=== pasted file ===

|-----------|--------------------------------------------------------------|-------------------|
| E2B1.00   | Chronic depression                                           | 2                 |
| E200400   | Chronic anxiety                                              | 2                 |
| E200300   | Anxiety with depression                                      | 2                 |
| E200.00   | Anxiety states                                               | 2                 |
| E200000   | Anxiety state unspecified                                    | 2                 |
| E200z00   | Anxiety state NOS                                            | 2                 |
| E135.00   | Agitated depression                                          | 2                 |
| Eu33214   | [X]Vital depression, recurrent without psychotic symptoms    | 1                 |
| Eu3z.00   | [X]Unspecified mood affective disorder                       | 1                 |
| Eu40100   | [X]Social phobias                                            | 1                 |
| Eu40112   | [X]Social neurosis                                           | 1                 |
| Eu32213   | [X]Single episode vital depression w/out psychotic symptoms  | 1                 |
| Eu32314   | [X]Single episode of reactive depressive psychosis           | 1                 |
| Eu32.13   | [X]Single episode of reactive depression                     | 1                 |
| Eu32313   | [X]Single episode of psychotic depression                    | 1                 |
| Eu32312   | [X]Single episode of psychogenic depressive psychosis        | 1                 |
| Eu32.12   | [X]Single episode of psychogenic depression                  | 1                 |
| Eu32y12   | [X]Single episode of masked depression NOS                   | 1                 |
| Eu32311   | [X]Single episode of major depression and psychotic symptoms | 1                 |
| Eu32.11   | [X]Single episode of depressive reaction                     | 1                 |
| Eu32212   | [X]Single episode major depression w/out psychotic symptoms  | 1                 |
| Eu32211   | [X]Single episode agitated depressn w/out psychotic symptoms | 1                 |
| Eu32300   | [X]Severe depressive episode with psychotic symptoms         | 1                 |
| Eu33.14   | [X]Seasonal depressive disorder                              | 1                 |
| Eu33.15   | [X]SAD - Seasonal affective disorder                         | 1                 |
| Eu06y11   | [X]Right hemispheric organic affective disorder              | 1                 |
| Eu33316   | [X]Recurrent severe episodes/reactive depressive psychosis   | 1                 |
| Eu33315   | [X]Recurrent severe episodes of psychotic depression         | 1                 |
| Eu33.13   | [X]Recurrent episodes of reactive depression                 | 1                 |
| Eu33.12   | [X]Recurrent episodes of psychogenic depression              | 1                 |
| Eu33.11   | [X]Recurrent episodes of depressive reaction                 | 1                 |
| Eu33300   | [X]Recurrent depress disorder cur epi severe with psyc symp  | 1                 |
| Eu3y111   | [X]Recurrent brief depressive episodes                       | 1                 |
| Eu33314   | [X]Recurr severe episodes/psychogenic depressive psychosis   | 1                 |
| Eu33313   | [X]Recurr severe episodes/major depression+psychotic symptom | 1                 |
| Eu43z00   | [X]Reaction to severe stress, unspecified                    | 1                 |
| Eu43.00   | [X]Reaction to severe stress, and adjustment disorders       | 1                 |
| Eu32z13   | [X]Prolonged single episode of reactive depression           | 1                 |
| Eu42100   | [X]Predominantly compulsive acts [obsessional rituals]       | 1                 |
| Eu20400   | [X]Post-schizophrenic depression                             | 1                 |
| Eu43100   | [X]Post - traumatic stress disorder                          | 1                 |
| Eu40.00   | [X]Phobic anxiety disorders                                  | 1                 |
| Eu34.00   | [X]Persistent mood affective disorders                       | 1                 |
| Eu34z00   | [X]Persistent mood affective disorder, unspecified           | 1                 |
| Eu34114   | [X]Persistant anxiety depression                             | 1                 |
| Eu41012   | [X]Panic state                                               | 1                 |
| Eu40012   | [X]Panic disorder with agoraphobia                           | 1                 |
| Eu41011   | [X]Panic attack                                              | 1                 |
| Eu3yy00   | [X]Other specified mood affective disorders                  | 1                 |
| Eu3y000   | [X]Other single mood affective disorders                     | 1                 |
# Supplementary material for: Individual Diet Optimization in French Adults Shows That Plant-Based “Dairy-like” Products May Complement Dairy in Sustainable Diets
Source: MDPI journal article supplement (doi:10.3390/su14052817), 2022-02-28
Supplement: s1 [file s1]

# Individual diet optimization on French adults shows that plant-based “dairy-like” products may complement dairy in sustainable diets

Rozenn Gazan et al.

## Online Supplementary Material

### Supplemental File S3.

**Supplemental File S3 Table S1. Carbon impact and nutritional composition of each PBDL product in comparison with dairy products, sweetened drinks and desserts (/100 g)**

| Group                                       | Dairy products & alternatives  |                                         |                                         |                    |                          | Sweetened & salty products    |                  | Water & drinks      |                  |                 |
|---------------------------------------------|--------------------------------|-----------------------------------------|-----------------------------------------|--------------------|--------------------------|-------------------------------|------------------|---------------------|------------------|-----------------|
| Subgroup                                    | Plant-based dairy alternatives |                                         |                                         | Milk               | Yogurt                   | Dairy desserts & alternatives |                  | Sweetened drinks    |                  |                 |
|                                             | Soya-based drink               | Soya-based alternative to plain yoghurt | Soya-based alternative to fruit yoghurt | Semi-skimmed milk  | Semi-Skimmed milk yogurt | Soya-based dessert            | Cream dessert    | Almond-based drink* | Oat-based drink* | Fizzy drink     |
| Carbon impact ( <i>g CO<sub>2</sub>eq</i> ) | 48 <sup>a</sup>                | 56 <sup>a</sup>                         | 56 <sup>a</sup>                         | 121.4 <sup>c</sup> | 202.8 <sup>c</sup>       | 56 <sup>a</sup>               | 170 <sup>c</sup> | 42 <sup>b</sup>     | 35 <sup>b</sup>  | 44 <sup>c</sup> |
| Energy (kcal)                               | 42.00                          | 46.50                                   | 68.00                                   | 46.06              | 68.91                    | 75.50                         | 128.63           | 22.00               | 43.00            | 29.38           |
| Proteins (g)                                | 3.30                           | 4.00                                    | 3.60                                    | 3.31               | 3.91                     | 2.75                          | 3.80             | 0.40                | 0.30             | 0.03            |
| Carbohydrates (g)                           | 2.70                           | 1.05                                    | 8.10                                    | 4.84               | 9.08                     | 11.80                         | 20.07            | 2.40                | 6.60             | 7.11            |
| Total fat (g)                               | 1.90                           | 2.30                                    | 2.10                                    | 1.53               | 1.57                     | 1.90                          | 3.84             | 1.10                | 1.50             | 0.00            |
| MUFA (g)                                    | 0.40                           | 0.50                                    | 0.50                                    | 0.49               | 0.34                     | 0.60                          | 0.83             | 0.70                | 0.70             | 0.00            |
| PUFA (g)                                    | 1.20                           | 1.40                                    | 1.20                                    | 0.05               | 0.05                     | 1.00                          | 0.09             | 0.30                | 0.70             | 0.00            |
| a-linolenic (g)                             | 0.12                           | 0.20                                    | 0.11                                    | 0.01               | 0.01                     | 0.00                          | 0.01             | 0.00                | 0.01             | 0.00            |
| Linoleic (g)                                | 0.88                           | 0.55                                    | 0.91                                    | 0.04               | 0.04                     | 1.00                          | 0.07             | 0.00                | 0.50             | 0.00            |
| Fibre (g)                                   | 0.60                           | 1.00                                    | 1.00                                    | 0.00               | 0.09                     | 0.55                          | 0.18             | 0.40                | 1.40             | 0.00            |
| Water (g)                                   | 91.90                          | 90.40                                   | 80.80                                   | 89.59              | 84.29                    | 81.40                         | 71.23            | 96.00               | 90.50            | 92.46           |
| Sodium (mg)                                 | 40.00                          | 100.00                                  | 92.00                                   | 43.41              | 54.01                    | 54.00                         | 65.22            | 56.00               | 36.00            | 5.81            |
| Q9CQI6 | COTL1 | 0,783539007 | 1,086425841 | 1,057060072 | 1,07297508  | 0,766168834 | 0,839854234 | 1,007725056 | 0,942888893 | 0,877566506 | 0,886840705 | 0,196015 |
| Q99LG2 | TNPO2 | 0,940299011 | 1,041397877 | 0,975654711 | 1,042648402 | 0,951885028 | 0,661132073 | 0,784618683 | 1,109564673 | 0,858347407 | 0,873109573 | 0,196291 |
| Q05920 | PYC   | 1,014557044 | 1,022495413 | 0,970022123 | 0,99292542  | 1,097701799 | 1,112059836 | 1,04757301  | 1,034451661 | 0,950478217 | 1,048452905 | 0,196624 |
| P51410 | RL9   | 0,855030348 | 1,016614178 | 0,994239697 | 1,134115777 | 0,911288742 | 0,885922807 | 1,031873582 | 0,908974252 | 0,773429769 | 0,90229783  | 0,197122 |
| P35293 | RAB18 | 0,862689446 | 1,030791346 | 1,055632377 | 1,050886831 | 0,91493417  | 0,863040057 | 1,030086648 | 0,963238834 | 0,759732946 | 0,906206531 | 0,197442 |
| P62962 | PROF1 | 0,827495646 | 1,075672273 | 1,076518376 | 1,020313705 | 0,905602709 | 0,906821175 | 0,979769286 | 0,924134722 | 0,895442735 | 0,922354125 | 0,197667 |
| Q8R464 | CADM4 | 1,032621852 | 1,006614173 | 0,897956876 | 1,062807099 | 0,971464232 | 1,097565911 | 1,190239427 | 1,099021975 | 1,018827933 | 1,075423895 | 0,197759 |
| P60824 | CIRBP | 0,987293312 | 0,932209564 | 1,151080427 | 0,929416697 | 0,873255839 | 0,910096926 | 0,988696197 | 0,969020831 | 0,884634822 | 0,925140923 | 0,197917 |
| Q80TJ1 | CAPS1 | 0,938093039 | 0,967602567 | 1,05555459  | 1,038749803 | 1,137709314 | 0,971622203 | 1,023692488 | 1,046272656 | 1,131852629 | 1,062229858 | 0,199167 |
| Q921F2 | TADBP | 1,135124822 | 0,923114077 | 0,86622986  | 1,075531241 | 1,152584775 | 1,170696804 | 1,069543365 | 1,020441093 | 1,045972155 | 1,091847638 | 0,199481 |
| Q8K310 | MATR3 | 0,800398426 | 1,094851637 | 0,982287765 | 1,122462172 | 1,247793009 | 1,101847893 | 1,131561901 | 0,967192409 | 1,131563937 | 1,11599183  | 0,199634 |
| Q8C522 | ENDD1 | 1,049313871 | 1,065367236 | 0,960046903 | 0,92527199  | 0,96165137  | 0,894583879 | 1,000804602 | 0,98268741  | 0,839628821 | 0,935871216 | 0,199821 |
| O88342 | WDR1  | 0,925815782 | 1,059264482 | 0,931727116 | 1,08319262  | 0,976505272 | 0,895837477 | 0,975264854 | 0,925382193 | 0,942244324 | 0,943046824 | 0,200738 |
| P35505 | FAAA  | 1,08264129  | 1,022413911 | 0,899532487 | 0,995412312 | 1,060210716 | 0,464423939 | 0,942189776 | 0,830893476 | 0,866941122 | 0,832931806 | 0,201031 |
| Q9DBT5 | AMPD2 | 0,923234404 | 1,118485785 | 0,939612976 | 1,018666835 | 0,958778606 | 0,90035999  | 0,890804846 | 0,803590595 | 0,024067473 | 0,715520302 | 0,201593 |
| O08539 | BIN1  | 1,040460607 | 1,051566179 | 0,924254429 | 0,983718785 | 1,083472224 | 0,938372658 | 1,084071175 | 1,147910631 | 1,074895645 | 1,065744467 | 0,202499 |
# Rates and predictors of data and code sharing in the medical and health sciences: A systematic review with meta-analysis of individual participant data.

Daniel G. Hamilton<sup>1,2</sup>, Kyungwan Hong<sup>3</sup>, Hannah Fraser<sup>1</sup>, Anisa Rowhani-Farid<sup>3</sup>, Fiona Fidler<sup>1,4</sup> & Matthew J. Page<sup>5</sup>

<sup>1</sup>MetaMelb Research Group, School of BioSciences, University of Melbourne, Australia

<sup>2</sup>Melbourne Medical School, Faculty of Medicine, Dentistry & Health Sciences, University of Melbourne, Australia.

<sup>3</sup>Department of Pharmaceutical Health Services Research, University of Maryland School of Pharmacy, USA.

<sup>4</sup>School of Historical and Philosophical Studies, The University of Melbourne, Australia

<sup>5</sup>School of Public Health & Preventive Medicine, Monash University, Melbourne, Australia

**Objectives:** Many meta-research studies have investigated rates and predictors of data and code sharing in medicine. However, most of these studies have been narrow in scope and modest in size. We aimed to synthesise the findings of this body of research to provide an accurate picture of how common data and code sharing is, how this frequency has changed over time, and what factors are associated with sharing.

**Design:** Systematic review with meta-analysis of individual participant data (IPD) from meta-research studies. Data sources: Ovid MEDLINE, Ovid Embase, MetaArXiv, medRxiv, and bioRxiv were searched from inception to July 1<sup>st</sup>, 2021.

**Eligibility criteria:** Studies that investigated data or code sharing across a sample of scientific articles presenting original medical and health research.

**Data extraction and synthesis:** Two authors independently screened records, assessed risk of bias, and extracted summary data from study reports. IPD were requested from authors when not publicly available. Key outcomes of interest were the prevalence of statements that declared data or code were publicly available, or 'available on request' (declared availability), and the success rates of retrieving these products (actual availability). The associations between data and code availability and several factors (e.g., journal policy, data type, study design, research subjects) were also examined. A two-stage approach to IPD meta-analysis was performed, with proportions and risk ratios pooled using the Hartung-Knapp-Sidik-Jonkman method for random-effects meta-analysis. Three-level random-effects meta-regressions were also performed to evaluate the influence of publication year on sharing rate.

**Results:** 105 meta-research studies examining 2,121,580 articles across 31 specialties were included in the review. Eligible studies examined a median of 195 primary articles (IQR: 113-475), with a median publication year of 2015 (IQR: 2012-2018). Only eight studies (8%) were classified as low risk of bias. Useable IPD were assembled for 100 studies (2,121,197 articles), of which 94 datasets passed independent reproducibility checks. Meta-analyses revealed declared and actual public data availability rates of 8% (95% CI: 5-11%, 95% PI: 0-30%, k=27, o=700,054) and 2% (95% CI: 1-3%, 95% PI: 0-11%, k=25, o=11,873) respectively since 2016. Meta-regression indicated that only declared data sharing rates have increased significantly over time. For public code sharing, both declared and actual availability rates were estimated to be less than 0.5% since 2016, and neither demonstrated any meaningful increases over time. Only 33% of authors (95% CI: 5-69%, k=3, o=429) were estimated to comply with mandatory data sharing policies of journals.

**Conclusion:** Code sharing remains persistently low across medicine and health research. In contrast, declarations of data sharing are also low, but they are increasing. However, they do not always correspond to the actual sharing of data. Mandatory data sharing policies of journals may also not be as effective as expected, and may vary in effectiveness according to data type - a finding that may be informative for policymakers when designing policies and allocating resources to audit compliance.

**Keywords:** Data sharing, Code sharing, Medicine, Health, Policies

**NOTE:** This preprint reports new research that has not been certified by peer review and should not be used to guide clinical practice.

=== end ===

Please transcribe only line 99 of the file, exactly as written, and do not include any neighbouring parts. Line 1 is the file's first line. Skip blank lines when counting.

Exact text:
**Objectives:** Many meta-research studies have investigated rates and predictors of data and code sharing in medicine. However, most of these studies have been narrow in scope and modest in size. We aimed to synthesise the findings of this body of research to provide an accurate picture of how common data and code sharing is, how this frequency has changed over time, and what factors are associated with sharing.